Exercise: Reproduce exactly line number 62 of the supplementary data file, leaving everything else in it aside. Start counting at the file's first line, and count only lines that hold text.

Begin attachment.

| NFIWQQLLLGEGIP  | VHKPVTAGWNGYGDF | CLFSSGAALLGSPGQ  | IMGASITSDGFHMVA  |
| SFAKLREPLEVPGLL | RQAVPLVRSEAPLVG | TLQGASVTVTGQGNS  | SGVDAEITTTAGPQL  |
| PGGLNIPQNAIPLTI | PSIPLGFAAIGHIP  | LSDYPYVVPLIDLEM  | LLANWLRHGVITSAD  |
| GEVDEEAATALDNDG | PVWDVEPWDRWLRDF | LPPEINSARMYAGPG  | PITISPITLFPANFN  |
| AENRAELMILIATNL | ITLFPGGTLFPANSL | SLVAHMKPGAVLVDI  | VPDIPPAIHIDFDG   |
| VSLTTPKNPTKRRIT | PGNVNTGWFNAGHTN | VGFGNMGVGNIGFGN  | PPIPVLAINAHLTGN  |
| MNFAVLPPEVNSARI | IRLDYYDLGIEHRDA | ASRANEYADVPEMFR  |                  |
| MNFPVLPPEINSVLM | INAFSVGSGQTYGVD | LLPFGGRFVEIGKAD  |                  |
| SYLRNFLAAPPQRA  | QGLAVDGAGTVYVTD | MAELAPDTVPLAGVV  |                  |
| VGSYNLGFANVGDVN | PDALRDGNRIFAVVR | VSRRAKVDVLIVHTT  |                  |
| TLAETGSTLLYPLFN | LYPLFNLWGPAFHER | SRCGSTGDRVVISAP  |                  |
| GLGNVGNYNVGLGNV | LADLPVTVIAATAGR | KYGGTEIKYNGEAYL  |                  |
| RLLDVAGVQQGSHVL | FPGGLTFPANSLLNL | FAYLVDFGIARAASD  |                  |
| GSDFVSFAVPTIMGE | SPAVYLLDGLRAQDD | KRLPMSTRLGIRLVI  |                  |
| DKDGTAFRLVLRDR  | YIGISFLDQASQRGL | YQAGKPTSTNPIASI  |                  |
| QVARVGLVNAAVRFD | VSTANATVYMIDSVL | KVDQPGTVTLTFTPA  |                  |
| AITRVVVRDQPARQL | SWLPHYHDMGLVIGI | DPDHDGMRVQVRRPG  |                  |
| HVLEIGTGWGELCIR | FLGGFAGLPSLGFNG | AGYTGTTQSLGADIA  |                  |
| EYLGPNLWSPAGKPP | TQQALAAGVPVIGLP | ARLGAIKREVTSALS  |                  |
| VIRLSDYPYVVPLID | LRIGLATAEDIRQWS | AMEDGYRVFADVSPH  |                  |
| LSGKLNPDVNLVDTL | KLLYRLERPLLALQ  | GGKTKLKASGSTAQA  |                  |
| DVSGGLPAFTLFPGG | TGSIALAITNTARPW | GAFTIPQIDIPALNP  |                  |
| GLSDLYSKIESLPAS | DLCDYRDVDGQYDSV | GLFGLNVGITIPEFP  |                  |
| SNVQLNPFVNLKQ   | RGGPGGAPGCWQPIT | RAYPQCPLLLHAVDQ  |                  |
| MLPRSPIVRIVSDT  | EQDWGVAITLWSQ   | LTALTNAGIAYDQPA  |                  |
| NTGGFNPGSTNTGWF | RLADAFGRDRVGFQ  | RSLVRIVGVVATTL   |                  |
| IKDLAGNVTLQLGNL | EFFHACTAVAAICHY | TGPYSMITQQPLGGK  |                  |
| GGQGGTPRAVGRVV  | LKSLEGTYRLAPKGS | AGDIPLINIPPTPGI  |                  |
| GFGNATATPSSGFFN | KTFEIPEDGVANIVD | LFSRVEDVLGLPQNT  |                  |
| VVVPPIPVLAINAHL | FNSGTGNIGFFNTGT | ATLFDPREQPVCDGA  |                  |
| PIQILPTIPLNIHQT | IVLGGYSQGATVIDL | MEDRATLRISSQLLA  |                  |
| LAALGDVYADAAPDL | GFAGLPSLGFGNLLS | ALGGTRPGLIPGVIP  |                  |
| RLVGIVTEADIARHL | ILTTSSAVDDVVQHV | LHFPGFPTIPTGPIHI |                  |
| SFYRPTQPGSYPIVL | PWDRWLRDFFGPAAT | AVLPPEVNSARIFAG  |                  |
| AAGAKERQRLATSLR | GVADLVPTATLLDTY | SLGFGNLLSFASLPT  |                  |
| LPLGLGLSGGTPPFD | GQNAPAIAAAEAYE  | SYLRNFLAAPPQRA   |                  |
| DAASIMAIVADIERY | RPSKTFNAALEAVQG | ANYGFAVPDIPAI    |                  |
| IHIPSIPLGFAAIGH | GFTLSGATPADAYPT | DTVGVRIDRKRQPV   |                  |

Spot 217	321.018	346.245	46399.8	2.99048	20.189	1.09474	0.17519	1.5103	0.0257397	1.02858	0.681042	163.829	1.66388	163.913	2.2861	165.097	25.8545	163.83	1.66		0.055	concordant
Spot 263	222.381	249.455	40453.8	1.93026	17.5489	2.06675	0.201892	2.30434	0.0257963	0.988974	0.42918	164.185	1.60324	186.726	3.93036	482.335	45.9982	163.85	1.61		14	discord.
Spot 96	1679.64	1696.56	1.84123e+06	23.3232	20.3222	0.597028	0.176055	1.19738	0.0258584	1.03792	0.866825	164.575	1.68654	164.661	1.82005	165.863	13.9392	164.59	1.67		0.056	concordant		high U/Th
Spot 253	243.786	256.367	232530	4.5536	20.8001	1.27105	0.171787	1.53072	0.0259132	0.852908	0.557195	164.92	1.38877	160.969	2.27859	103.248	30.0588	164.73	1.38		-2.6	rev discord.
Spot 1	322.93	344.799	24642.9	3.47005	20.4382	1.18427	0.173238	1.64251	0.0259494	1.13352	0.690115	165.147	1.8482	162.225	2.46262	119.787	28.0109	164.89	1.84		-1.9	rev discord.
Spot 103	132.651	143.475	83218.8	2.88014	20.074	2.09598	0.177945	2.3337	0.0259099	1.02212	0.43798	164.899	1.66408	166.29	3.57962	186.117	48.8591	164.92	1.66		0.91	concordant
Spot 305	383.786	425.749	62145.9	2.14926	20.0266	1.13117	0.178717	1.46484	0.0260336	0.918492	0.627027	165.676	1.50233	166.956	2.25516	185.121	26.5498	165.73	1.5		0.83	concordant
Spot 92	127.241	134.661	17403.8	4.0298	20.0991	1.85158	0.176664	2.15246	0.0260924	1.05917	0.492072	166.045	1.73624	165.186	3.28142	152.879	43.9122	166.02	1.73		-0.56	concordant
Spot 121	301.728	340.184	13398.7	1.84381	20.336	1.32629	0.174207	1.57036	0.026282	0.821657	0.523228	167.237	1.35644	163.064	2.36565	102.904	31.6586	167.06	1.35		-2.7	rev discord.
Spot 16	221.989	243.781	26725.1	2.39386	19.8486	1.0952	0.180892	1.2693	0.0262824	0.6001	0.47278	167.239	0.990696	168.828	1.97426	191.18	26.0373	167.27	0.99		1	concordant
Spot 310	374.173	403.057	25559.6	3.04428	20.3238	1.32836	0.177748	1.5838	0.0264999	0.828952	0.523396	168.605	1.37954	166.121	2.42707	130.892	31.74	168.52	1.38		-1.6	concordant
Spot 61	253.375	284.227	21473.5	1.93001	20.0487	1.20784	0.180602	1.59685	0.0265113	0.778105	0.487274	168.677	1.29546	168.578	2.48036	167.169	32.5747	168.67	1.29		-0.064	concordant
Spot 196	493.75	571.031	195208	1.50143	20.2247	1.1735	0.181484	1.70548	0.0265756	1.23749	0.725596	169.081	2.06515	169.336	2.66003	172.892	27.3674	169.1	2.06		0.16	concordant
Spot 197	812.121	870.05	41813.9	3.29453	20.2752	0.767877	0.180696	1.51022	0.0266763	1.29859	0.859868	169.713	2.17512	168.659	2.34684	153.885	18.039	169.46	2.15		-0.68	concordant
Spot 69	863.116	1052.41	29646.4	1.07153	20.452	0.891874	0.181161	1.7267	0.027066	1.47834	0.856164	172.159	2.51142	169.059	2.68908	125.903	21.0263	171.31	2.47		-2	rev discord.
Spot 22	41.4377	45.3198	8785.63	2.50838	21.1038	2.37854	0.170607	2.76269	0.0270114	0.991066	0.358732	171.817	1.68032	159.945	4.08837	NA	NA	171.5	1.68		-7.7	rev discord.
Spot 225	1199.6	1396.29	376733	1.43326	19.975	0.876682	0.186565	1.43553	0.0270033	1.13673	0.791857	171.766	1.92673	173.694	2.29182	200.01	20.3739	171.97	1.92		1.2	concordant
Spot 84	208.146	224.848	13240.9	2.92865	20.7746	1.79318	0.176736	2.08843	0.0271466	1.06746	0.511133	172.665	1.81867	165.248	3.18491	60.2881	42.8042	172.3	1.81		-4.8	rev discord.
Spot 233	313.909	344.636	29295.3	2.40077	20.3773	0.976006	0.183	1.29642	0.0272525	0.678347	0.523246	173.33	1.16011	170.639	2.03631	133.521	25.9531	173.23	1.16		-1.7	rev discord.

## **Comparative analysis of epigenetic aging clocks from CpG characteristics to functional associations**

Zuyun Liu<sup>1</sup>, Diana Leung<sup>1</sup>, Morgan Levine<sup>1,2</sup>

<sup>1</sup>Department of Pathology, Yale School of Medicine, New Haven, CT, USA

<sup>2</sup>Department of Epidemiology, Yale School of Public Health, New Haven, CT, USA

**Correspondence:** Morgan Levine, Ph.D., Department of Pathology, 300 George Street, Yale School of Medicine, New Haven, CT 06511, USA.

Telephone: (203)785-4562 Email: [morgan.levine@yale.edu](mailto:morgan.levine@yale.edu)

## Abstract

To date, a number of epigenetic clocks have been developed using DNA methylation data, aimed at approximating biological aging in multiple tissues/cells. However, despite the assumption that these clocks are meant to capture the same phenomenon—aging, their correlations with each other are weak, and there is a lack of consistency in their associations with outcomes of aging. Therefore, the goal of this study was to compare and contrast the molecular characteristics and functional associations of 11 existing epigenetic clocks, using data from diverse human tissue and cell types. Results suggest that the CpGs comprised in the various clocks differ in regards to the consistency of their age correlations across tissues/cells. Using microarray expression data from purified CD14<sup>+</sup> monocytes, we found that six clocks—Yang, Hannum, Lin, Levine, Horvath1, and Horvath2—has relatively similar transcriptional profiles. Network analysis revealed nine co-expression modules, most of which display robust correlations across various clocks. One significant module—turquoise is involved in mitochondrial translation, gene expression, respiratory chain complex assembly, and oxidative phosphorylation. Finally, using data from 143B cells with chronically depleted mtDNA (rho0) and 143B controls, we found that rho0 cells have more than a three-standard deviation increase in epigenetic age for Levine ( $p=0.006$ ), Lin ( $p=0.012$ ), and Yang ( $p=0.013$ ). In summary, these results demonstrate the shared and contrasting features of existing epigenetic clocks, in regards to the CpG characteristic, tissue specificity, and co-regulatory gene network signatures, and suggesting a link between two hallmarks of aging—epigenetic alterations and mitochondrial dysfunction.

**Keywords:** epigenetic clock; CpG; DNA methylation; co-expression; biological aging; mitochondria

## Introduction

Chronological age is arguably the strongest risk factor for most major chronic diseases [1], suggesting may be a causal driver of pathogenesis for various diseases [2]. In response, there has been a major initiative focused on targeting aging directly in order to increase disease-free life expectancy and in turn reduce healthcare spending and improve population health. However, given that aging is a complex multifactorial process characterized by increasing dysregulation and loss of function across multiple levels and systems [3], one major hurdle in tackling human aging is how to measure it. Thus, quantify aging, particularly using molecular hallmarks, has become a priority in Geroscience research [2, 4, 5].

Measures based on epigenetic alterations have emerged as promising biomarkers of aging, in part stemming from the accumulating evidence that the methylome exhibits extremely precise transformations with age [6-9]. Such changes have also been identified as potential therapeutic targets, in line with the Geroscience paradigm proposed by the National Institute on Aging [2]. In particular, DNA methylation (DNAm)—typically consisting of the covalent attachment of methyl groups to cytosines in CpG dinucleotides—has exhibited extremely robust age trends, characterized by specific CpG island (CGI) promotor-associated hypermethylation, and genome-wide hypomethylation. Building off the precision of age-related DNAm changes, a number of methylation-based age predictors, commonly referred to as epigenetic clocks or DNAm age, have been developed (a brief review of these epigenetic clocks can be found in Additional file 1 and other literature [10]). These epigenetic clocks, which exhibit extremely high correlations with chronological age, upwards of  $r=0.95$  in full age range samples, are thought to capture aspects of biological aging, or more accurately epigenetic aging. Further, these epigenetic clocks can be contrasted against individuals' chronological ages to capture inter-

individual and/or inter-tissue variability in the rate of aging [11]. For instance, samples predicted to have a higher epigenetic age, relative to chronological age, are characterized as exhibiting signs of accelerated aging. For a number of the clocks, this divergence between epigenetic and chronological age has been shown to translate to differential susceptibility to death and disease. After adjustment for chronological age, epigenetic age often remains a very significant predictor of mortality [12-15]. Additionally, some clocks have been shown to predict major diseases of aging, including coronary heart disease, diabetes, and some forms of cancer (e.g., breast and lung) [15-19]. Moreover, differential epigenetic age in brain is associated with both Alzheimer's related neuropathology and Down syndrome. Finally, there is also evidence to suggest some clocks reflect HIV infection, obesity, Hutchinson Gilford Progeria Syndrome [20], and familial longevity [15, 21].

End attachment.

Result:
**Correspondence:** Morgan Levine, Ph.D., Department of Pathology, 300 George Street, Yale School of Medicine, New Haven, CT 06511, USA.